An annual voluntary survey of U.S. beekeepers found higher than average honey bee colony loss over the past year.
The survey of losses from April 2022 to April 2023 includes responses from beekeepers responsible for about 12 percent of bee colonies in the U.S.
The survey was started in 2007 by the Bee Informed Partnership in an effort to collect data about increasing honey bee losses reported by apiarists across the country.
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"What we really have noticed over the years is that there are really few good years, we have lots of high loss years, and some that are a little less high," said survey leader Nathalie Steinhauer. "But overall, it is still higher than what beekeepers consider is acceptable."
For the most recent survey 3,006 beekeepers from across the United States managing 314,360 colonies responded to the survey. That represents 12 percent of the estimated 2.7 million managed colonies.
Steinhauer is a researcher at the University of Maryland and leads the Bee Informed Partnership colony loss survey. She says the survey shows small beekeepers and large commercial beekeepers are experiencing colony loss at different times of the year. The past two surveys have documented an increase in summer loss for small beekeepers, while this survey found a noticeable increase in winter loss among commercial operators.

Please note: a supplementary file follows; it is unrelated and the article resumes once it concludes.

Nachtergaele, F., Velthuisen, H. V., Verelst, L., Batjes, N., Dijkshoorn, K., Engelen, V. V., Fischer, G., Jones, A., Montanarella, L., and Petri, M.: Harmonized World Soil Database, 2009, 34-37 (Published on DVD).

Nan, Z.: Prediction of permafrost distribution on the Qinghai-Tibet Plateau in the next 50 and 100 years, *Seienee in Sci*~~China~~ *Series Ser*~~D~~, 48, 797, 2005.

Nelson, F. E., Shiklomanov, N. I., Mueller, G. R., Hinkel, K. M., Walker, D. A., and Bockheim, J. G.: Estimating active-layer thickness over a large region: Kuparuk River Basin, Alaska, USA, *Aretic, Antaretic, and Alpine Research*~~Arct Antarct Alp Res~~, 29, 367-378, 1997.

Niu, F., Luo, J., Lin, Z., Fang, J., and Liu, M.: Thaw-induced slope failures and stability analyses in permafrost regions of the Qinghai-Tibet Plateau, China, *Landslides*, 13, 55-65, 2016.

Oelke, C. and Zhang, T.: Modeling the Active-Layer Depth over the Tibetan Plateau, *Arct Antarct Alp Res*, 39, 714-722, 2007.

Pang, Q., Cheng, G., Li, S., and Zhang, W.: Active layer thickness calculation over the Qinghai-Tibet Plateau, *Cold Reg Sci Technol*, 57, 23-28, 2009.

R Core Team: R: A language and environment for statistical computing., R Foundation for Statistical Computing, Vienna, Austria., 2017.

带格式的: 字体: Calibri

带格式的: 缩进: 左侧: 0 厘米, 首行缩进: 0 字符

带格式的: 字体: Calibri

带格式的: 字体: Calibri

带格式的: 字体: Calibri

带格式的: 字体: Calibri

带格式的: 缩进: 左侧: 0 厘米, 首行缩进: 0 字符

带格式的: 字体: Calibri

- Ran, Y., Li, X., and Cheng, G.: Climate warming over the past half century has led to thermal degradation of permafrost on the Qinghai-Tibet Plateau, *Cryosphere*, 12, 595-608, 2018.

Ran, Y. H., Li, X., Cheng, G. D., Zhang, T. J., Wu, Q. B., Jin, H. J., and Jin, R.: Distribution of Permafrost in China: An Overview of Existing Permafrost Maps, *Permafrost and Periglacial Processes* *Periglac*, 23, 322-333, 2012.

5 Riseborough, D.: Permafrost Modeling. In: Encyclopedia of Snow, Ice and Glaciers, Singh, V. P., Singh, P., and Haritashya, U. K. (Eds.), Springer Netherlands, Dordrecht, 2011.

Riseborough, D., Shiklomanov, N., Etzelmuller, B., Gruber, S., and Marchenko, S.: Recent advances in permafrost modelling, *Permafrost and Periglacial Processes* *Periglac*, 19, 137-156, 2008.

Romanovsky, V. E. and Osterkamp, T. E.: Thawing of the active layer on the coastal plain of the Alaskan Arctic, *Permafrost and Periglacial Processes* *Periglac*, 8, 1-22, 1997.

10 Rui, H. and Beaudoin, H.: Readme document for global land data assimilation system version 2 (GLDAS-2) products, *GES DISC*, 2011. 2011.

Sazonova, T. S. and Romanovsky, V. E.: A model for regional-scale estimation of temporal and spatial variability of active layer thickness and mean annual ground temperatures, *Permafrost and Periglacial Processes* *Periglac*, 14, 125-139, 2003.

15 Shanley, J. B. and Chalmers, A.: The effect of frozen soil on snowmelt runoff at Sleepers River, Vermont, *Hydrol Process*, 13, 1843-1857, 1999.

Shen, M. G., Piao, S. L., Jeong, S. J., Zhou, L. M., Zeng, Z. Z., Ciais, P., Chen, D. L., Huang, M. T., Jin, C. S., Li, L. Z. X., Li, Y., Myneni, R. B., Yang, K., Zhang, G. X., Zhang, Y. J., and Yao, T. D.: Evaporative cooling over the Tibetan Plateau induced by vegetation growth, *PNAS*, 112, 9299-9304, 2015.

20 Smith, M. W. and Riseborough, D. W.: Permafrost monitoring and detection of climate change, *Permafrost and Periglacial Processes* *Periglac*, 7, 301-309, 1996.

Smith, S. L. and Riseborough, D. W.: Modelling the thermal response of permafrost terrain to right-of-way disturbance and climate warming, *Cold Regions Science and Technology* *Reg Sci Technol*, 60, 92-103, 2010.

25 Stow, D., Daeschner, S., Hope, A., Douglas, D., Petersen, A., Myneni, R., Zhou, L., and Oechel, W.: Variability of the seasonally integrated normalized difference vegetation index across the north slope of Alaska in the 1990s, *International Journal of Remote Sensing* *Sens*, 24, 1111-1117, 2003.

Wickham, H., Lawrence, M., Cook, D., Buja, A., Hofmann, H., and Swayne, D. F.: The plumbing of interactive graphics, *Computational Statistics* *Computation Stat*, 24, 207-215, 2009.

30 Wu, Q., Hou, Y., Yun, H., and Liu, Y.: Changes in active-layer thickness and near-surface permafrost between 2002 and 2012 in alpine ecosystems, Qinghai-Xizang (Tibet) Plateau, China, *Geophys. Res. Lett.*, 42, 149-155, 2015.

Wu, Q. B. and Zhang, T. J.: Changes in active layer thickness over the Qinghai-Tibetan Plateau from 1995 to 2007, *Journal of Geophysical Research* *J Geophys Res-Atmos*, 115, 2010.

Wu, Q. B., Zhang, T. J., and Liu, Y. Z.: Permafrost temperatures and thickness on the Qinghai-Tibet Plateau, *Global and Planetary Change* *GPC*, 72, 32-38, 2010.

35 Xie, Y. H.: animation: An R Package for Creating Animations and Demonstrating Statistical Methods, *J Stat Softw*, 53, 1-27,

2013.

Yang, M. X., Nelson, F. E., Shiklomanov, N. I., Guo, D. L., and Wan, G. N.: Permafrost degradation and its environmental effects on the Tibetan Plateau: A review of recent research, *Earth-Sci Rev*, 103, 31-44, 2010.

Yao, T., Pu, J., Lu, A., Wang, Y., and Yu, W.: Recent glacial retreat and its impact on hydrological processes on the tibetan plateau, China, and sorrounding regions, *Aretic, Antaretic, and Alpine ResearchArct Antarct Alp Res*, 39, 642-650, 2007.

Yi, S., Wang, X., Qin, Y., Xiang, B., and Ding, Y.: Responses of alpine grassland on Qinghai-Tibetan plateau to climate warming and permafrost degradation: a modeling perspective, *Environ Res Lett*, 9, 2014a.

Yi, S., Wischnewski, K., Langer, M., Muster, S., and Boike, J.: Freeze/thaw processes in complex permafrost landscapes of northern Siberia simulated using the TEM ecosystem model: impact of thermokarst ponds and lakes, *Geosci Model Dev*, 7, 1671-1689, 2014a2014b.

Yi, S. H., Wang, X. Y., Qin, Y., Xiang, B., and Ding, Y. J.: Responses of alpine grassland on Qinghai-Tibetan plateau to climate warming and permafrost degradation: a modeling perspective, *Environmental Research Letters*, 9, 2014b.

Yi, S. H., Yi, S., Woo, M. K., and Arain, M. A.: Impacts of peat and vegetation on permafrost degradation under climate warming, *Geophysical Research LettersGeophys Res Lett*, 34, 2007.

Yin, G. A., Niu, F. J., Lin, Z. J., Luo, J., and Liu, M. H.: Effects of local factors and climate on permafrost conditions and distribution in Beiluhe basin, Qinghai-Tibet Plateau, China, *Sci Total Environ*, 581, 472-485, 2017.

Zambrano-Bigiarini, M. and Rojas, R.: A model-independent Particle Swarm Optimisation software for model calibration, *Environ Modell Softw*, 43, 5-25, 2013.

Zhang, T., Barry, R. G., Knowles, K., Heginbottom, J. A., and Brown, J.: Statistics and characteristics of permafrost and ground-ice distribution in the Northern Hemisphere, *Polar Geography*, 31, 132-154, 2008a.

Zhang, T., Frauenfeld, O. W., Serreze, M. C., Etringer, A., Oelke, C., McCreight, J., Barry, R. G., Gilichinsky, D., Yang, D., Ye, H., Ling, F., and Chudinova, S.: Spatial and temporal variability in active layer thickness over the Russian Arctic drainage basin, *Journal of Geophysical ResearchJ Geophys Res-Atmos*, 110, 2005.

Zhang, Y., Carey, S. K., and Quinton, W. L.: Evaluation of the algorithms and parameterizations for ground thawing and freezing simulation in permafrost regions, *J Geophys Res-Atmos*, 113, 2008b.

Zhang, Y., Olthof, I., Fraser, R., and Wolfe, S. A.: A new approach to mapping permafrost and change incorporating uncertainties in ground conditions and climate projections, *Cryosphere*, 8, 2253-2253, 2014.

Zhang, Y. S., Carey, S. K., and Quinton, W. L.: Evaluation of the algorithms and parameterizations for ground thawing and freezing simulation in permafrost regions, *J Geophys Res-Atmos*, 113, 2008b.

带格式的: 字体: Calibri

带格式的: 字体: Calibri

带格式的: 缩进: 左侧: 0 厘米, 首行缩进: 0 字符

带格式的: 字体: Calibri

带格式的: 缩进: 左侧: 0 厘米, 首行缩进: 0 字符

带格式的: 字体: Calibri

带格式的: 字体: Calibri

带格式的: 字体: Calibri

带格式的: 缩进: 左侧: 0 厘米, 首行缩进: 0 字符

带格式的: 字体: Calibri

Honey bee populations remain relatively stable according to data from the U.S. Department of Agriculture, because beekeepers split existing hives to replace those that are lost.
"But that is one of the most labor intensive parts of the beekeeping year," said Dan Aurell, a researcher for the Bee Informed Partnership. "Splitting colonies means that you have, all of a sudden, smaller units that then aren't going to be as productive in the short term if there's a honey production period shortly after splitting. So it's both labor intensive and can come at the cost of some production."
The Bee Informed Partnership is a non-profit collaborative organization focused on reducing honey bee colony loss.
While this survey is voluntary on the part of beekeepers, Steinhauer said it provides what is now a long term data set showing honey bee losses and the risk factors beekeepers identify as the reason for the loss.
The parasitic varroa mite remains the most commonly reported reason for loss, along with weather and the loss of egg laying queens.
The survey also shows a majority of beekeepers have increased management of their colonies in an effort to protect them.
"It is a little disheartening, because we see that more and more beekeepers are following good practices, but we cannot show them the results of their effort," said Steinhauer. "Honey bee losses are not improving as a response, which really tells us that there is still other things in the environment that are putting a lot of stress on the bees and that it's not an one single problem. Therefore, there is no easy-fix solution."